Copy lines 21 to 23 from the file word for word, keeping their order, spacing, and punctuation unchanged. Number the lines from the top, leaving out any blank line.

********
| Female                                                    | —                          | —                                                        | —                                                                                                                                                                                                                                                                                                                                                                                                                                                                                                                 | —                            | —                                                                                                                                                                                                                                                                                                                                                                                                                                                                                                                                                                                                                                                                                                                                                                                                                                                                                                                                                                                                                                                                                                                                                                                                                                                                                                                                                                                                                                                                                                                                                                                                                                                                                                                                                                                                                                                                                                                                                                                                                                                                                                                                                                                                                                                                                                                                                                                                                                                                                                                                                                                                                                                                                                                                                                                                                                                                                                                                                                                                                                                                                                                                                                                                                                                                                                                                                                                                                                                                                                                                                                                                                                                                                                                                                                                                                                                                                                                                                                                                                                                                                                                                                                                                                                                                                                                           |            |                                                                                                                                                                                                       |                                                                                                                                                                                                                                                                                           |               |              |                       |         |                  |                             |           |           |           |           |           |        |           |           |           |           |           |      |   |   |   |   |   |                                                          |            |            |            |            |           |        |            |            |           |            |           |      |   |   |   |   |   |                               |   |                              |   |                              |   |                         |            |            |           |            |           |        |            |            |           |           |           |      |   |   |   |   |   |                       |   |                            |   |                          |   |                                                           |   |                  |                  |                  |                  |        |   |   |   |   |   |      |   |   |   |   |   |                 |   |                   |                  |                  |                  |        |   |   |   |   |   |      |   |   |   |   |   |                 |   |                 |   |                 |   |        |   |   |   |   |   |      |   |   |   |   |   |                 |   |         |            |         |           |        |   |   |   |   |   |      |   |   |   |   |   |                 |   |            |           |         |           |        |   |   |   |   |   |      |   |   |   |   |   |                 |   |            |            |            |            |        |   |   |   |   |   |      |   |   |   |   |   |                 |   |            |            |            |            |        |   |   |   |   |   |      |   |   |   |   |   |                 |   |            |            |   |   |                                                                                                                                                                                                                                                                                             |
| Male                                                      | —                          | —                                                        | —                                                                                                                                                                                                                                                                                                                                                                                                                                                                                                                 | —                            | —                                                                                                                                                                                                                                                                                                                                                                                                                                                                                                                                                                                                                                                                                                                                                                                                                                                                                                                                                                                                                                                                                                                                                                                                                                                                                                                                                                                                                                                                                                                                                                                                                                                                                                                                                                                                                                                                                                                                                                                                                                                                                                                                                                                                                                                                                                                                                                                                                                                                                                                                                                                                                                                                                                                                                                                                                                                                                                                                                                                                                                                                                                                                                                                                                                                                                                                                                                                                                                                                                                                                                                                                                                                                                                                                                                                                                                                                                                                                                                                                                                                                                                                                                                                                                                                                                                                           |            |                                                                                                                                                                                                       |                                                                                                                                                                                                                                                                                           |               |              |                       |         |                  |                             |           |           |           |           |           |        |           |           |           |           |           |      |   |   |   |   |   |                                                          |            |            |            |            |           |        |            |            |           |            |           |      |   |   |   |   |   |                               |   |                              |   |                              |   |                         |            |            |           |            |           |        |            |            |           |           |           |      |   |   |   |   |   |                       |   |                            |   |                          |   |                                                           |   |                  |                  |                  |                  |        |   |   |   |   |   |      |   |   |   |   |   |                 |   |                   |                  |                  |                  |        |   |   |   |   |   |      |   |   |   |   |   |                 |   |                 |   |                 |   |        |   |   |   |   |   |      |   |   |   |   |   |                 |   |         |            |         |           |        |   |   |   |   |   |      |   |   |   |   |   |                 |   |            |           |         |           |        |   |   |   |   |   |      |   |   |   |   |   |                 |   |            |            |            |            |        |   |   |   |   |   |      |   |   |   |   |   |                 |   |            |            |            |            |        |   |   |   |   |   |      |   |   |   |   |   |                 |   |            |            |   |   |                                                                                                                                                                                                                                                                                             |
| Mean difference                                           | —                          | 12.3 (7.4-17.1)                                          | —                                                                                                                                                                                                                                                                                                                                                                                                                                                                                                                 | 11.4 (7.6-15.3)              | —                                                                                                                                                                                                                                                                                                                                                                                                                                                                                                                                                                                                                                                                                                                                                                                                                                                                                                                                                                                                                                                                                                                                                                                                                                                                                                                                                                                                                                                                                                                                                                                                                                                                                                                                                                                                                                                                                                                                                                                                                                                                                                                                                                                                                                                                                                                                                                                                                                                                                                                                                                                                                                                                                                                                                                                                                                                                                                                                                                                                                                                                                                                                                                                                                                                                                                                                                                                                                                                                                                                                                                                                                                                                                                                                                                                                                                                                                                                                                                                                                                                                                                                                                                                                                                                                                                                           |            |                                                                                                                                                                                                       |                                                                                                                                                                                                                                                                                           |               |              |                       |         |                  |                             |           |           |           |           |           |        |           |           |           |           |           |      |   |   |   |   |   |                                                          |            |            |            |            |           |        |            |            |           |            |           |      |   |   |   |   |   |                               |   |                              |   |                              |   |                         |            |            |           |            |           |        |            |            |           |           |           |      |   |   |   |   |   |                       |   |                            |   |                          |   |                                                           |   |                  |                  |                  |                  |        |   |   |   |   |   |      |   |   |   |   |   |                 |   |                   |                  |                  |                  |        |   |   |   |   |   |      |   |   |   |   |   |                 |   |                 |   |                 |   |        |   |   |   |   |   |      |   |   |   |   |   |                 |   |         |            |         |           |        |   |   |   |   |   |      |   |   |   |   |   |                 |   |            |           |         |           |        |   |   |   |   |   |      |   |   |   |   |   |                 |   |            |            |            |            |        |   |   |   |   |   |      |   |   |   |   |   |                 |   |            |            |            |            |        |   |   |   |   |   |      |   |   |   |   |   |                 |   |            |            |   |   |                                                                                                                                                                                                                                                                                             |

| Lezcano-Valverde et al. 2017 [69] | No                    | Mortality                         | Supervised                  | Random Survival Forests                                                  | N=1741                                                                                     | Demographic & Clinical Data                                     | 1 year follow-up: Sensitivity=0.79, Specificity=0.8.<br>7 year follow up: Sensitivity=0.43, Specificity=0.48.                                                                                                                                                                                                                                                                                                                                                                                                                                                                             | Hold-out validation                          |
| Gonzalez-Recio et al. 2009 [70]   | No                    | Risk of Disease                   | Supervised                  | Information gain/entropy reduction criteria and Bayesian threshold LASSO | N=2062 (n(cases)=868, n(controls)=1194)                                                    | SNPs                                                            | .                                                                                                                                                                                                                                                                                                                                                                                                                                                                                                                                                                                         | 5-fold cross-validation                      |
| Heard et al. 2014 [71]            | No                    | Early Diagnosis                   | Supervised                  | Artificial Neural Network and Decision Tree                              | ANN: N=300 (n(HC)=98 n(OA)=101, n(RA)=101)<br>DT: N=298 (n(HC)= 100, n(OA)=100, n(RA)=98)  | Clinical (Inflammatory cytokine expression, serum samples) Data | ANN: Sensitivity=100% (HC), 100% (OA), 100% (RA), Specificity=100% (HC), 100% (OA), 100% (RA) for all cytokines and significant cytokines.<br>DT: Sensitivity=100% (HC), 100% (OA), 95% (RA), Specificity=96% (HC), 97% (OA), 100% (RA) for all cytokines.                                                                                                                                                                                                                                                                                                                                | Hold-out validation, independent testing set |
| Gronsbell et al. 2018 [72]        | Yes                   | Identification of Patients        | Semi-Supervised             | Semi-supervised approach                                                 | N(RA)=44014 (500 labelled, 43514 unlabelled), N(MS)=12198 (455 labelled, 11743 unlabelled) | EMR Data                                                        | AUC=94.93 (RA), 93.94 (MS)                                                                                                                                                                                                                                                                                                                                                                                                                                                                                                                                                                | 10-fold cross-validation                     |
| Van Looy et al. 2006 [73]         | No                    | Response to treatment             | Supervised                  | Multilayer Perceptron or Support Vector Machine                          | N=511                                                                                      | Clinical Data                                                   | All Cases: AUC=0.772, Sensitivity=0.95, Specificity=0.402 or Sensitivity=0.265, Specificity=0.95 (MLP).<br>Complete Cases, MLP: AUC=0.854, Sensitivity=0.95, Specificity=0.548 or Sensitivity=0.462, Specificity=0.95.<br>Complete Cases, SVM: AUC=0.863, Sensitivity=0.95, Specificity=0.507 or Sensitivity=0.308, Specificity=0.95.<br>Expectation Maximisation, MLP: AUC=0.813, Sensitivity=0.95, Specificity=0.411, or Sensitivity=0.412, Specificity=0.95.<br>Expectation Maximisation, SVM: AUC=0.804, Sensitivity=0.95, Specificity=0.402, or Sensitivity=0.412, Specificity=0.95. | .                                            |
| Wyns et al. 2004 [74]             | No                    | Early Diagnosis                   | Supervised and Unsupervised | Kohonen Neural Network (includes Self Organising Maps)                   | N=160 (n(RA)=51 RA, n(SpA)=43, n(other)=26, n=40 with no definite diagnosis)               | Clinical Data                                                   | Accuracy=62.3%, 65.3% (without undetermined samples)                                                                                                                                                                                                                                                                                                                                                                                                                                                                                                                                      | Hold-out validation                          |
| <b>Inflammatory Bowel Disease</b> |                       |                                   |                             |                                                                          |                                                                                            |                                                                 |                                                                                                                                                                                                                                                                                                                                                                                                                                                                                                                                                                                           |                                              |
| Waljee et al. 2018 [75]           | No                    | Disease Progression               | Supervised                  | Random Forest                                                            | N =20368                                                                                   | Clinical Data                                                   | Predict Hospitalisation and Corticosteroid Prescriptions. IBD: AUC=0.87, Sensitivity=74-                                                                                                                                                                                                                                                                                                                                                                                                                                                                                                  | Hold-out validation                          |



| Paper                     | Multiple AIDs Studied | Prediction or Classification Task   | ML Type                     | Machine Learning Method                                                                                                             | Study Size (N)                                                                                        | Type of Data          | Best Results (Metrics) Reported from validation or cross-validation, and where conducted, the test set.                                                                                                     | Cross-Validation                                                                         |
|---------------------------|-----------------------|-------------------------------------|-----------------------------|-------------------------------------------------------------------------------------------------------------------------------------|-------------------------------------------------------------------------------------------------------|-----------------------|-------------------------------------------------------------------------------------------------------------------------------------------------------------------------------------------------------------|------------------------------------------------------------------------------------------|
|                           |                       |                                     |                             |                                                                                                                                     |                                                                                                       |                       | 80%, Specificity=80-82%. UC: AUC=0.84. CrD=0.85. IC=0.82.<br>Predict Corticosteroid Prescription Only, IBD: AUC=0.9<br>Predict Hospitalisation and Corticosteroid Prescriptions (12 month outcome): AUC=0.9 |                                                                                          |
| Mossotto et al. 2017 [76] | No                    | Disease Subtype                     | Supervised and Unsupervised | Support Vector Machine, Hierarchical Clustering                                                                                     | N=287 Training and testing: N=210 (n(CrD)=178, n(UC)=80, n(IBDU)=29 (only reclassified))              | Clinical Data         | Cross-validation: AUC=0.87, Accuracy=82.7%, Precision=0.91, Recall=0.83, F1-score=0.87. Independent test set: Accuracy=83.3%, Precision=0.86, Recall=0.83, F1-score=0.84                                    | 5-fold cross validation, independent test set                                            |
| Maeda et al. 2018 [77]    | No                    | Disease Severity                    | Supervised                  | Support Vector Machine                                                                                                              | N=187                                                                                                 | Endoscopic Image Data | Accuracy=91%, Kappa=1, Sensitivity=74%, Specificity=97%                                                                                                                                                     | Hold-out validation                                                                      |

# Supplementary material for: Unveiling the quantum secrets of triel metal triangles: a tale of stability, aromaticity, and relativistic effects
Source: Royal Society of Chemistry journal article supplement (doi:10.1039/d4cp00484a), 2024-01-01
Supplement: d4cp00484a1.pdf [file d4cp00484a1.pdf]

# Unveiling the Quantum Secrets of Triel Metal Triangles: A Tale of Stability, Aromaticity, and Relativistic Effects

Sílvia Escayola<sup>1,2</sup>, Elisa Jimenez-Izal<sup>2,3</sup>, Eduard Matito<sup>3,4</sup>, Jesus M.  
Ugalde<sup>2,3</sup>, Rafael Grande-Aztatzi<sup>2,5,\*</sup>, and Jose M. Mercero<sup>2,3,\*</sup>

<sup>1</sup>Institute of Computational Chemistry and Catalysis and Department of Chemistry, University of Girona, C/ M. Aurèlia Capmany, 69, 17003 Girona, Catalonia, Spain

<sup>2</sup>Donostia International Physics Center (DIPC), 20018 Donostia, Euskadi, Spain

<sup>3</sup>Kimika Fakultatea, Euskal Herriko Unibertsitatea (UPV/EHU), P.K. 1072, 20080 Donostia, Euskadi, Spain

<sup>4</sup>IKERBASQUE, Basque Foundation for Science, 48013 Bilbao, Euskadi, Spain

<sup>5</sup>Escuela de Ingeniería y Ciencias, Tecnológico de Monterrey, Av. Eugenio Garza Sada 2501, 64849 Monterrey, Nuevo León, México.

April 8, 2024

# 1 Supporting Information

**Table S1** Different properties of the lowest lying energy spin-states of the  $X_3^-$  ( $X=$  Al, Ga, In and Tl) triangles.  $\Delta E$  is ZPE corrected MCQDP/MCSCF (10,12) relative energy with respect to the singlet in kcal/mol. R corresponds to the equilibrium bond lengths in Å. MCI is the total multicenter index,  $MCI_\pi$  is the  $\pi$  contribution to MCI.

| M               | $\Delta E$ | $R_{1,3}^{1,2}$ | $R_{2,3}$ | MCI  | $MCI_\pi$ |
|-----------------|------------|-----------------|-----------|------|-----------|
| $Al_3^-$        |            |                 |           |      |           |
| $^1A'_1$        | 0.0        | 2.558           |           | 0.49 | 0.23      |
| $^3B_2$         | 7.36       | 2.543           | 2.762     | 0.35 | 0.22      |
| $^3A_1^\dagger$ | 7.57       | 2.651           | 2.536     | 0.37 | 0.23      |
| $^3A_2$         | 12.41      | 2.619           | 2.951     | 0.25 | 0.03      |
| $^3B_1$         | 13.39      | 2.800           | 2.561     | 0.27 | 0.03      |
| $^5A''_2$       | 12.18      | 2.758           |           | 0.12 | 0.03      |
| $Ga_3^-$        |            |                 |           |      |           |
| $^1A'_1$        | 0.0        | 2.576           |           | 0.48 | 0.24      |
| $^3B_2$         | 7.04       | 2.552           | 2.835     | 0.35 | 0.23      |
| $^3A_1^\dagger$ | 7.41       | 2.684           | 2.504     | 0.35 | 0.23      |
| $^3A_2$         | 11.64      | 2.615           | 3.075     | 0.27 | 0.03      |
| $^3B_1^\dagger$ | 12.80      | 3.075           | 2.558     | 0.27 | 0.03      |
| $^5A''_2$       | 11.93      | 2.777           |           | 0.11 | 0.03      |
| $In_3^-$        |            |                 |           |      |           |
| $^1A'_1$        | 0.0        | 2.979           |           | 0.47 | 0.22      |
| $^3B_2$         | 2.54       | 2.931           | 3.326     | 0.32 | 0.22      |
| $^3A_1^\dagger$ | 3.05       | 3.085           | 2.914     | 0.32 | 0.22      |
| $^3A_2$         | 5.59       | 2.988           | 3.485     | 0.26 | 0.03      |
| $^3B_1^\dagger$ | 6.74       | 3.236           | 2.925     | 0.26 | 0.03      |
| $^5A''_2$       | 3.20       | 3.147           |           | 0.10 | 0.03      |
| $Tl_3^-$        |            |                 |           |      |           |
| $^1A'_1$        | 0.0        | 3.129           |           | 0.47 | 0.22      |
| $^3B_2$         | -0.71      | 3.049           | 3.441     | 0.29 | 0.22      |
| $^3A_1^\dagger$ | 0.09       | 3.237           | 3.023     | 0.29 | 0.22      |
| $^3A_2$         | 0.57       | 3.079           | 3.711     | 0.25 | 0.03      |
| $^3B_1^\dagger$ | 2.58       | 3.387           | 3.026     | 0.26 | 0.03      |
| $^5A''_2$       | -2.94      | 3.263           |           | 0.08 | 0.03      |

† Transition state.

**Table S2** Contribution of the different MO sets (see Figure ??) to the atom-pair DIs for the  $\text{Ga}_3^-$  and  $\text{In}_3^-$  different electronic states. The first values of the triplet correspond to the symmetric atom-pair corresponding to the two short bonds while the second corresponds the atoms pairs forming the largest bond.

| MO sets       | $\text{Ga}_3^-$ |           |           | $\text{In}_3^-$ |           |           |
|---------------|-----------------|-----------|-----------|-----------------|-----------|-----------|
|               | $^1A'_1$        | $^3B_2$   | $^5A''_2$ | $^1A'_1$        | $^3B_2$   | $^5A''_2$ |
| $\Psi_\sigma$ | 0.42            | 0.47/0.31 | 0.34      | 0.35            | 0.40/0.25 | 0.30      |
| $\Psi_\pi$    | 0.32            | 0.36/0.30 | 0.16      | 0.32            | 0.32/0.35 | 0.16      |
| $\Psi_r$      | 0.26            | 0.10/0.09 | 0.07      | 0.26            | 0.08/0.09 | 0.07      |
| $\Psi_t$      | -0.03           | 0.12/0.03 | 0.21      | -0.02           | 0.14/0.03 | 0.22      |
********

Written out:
Sílvia Escayola<sup>1,2</sup>, Elisa Jimenez-Izal<sup>2,3</sup>, Eduard Matito<sup>3,4</sup>, Jesus M.  
Ugalde<sup>2,3</sup>, Rafael Grande-Aztatzi<sup>2,5,\*</sup>, and Jose M. Mercero<sup>2,3,\*</sup>

<sup>1</sup>Institute of Computational Chemistry and Catalysis and Department of Chemistry, University of Girona, C/ M. Aurèlia Capmany, 69, 17003 Girona, Catalonia, Spain